in the structuring of sacred space within burial chamber and coffin, which becomes apparent in the
phenomenon of absence 102 discussed in the section which follows.

The ways in which gender was addressed through funerary art varied, changing quite significantly
over time in line with developments in religious ideology. In the Fourth Dynasty, the ‘sudden and
consistent’ depiction of family members in funerary imagery appears to signal ‘an unusual emphasis’
on marriage and children during this period (Roth 1999: 38). The first known depiction of a royal family
dates from this era, apparently reflecting the structure of the creation narrative of the Heliopolitan
Ennead (Ayad 2009: 5). In earlier periods ‘women did not appear on the monuments of their husbands;
husbands did not appear on the monuments of their wives; and children were never shown’ (Roth
1999: 38). However, from the Fourth Dynasty of the Old Kingdom and continuing through the first six
reigns of the Fifth (c. 2613- 2421 BC) this situation changed significantly (Roth 1999: 34; Shaw 2000:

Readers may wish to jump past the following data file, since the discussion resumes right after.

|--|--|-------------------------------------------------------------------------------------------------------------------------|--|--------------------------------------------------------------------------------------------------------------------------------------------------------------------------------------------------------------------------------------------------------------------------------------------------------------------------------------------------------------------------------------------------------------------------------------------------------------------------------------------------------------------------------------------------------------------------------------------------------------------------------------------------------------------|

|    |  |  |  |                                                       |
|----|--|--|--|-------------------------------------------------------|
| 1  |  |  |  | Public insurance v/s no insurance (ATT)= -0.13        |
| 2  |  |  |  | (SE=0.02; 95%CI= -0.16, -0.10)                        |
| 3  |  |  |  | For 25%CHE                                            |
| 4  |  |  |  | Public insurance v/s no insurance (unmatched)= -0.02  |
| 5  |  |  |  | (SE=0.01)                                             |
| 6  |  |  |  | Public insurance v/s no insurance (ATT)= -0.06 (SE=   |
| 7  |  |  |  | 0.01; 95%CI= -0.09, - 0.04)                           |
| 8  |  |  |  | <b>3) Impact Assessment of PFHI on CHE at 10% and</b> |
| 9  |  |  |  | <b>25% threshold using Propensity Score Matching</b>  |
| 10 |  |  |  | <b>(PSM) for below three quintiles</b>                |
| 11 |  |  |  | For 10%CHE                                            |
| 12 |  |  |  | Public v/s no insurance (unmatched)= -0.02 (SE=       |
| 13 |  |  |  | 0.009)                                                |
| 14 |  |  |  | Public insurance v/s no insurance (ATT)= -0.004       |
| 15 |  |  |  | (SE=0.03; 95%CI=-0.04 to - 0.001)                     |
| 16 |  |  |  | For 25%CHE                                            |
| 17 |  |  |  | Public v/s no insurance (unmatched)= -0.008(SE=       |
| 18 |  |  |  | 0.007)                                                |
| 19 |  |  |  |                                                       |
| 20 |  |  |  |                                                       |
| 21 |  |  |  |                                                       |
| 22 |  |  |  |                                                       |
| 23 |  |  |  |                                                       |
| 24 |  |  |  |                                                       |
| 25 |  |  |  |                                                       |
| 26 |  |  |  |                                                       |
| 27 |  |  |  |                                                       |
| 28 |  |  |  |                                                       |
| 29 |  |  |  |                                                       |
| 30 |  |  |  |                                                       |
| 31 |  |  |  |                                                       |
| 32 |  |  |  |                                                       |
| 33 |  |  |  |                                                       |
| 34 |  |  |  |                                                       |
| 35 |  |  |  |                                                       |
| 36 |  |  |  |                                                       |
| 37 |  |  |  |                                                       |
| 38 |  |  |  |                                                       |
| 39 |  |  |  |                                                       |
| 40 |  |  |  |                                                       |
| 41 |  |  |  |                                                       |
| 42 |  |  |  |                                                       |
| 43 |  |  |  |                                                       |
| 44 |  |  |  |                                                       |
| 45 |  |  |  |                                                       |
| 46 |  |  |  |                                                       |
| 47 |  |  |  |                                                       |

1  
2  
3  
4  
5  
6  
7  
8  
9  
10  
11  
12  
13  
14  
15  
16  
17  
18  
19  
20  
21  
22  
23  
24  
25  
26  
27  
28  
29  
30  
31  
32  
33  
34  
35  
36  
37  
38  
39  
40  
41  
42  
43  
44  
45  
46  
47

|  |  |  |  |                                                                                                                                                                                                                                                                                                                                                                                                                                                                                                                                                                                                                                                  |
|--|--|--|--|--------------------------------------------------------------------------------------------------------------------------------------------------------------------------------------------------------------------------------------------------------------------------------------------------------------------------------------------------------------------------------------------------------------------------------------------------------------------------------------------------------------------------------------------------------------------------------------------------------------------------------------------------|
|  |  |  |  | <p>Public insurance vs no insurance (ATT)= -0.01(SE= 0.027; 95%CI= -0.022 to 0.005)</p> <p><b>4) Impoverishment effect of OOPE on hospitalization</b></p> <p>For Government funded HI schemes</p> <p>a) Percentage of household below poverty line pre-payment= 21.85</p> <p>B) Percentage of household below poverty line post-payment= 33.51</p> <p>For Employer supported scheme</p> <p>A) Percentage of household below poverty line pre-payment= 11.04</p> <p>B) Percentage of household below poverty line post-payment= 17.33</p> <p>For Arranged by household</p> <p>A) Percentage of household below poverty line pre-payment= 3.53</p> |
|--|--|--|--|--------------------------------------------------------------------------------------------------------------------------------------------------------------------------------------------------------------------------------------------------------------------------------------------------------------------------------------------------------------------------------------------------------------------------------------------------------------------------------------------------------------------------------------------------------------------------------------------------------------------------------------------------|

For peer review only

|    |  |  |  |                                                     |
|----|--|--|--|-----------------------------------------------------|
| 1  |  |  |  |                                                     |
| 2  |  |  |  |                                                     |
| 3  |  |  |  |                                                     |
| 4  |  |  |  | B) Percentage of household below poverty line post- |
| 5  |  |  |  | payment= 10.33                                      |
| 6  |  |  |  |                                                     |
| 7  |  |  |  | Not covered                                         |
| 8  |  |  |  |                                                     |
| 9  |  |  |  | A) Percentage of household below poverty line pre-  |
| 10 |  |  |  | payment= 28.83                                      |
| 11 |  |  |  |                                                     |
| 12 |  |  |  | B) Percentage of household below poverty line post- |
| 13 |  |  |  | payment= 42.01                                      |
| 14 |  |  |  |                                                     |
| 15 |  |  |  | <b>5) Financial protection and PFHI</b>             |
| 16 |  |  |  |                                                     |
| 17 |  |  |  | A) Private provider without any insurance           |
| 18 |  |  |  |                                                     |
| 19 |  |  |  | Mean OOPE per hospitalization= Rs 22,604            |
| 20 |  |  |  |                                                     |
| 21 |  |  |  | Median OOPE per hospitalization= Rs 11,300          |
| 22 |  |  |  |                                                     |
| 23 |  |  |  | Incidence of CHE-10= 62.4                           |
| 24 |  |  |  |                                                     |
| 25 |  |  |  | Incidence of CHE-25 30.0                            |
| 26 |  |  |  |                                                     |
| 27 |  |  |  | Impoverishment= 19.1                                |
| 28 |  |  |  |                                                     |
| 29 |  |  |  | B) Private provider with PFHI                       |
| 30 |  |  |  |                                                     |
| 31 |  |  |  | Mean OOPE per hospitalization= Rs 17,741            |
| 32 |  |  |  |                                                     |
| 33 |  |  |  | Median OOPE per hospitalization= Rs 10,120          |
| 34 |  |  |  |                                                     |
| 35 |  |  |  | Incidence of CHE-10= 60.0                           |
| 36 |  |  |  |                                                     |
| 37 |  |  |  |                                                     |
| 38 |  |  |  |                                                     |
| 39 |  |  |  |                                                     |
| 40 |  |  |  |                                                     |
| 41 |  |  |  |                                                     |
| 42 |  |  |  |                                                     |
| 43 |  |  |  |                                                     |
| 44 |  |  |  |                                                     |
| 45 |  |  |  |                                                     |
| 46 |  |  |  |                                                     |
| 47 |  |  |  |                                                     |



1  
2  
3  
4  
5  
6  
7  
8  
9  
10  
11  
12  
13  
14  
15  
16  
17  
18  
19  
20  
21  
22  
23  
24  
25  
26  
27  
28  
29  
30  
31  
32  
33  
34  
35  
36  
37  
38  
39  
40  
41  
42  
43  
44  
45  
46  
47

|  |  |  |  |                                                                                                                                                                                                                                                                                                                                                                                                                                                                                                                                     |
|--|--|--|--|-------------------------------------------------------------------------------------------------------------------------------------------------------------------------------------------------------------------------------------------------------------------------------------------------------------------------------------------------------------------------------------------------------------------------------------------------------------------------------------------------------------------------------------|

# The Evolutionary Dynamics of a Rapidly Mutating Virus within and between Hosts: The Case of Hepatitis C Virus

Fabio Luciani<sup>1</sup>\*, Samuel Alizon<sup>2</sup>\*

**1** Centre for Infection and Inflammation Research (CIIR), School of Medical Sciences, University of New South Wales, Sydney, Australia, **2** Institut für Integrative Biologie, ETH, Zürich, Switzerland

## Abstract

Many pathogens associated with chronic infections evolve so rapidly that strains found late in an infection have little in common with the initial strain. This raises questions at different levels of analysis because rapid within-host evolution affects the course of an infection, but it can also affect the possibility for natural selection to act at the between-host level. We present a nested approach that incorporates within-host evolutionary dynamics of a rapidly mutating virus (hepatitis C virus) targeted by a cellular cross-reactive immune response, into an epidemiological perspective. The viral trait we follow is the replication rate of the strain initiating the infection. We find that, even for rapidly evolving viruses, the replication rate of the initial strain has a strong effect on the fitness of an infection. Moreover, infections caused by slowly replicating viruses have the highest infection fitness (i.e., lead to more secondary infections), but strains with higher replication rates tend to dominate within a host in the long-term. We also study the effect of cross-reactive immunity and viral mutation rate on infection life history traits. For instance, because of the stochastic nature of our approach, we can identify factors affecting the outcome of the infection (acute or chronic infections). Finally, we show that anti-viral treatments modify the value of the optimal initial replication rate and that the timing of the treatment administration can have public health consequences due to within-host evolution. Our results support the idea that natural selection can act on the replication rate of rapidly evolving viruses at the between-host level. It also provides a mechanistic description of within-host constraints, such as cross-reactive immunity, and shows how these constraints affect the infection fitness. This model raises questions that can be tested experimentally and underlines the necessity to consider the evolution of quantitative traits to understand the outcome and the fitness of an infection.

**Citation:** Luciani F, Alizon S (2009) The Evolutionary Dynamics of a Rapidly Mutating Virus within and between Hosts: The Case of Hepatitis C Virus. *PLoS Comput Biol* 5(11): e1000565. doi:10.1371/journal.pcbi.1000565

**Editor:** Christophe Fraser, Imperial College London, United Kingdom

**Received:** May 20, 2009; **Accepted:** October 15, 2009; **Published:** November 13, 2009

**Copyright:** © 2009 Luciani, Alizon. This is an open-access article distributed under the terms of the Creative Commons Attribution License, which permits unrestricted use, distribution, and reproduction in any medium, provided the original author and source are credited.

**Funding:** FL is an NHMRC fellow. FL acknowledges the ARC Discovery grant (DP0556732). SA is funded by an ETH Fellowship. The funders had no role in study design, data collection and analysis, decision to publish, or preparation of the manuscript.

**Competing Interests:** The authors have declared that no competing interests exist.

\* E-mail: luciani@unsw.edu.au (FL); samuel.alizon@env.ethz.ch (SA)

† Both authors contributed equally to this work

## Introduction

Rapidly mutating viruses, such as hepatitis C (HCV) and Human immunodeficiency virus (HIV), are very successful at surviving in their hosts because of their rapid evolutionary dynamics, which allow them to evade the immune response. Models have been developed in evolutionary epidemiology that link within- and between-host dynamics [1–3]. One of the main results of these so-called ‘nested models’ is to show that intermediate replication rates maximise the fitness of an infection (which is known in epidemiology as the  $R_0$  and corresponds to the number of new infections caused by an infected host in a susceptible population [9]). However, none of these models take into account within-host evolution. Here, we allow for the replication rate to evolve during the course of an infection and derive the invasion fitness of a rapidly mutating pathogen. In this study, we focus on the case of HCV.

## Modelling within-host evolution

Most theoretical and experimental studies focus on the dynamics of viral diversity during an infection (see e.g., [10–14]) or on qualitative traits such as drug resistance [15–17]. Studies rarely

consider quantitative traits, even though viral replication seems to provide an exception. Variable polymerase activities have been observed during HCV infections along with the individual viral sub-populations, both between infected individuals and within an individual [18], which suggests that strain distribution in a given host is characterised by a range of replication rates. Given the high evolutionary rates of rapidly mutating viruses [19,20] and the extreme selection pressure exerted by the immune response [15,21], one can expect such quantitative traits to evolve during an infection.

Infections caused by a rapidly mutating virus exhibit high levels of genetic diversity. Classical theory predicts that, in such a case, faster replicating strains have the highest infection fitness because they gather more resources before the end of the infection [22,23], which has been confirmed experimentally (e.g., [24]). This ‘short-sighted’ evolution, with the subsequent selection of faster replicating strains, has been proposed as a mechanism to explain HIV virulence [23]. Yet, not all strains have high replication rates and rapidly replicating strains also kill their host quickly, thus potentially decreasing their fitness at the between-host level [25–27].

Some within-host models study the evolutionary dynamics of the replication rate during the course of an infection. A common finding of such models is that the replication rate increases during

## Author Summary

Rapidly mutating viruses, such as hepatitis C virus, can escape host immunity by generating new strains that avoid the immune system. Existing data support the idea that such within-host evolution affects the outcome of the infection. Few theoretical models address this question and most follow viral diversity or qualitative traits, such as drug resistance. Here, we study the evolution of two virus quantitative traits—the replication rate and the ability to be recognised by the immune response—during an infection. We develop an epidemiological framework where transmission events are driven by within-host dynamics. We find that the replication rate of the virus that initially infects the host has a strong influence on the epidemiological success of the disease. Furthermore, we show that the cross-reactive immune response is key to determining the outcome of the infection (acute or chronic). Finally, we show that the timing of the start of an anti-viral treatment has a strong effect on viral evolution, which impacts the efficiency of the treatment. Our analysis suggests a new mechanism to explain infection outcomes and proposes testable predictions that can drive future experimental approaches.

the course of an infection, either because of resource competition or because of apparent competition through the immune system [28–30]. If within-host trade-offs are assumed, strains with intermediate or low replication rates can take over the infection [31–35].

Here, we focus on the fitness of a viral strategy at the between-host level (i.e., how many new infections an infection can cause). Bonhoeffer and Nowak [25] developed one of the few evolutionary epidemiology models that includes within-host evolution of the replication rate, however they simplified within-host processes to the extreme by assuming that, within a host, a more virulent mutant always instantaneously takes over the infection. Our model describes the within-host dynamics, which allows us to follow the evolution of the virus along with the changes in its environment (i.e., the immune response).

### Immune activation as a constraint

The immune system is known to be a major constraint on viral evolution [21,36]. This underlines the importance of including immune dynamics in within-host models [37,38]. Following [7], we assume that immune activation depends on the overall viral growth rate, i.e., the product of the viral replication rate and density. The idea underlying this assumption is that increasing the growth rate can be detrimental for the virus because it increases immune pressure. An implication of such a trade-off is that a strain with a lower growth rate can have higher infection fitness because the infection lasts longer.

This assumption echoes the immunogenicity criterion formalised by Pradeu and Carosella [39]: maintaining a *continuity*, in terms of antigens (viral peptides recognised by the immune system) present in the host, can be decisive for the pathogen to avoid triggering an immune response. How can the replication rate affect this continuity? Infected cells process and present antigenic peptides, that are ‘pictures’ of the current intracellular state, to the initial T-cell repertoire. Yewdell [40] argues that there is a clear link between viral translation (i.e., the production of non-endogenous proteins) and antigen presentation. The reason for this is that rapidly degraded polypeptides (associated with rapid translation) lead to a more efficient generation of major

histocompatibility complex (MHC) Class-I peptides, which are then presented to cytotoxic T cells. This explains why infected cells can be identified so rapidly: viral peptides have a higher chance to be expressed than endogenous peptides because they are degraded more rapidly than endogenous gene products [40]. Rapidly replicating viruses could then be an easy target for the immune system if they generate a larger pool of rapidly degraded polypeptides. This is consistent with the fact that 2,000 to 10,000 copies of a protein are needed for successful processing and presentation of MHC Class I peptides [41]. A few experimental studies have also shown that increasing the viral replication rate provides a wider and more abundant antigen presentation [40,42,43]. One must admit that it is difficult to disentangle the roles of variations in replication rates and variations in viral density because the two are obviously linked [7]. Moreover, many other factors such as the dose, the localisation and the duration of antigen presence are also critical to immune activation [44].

482). Osirian influences affecting religious development were contemporaneous with, and appear
to have contributed significantly to, these ideological and religious changes 103 (Grajetzki 2007: 16,
32). Just as rapidly as they appeared however, at the middle point of the Fifth Dynasty in a small but
interesting number of examples, wives once again disappeared from the decorative programme of
elite tombs in cemeteries at Saqqara (Roth 1999: 40-41). Given the apparent importance of the wife
in the metaphysical rebirth of her spouse it is surprising that women should again be omitted from the
decorative programme of male tombs (Roth 1999: 42).

Osirian aspects of the mortuary cult made it imperative that all deceased Egyptians were provided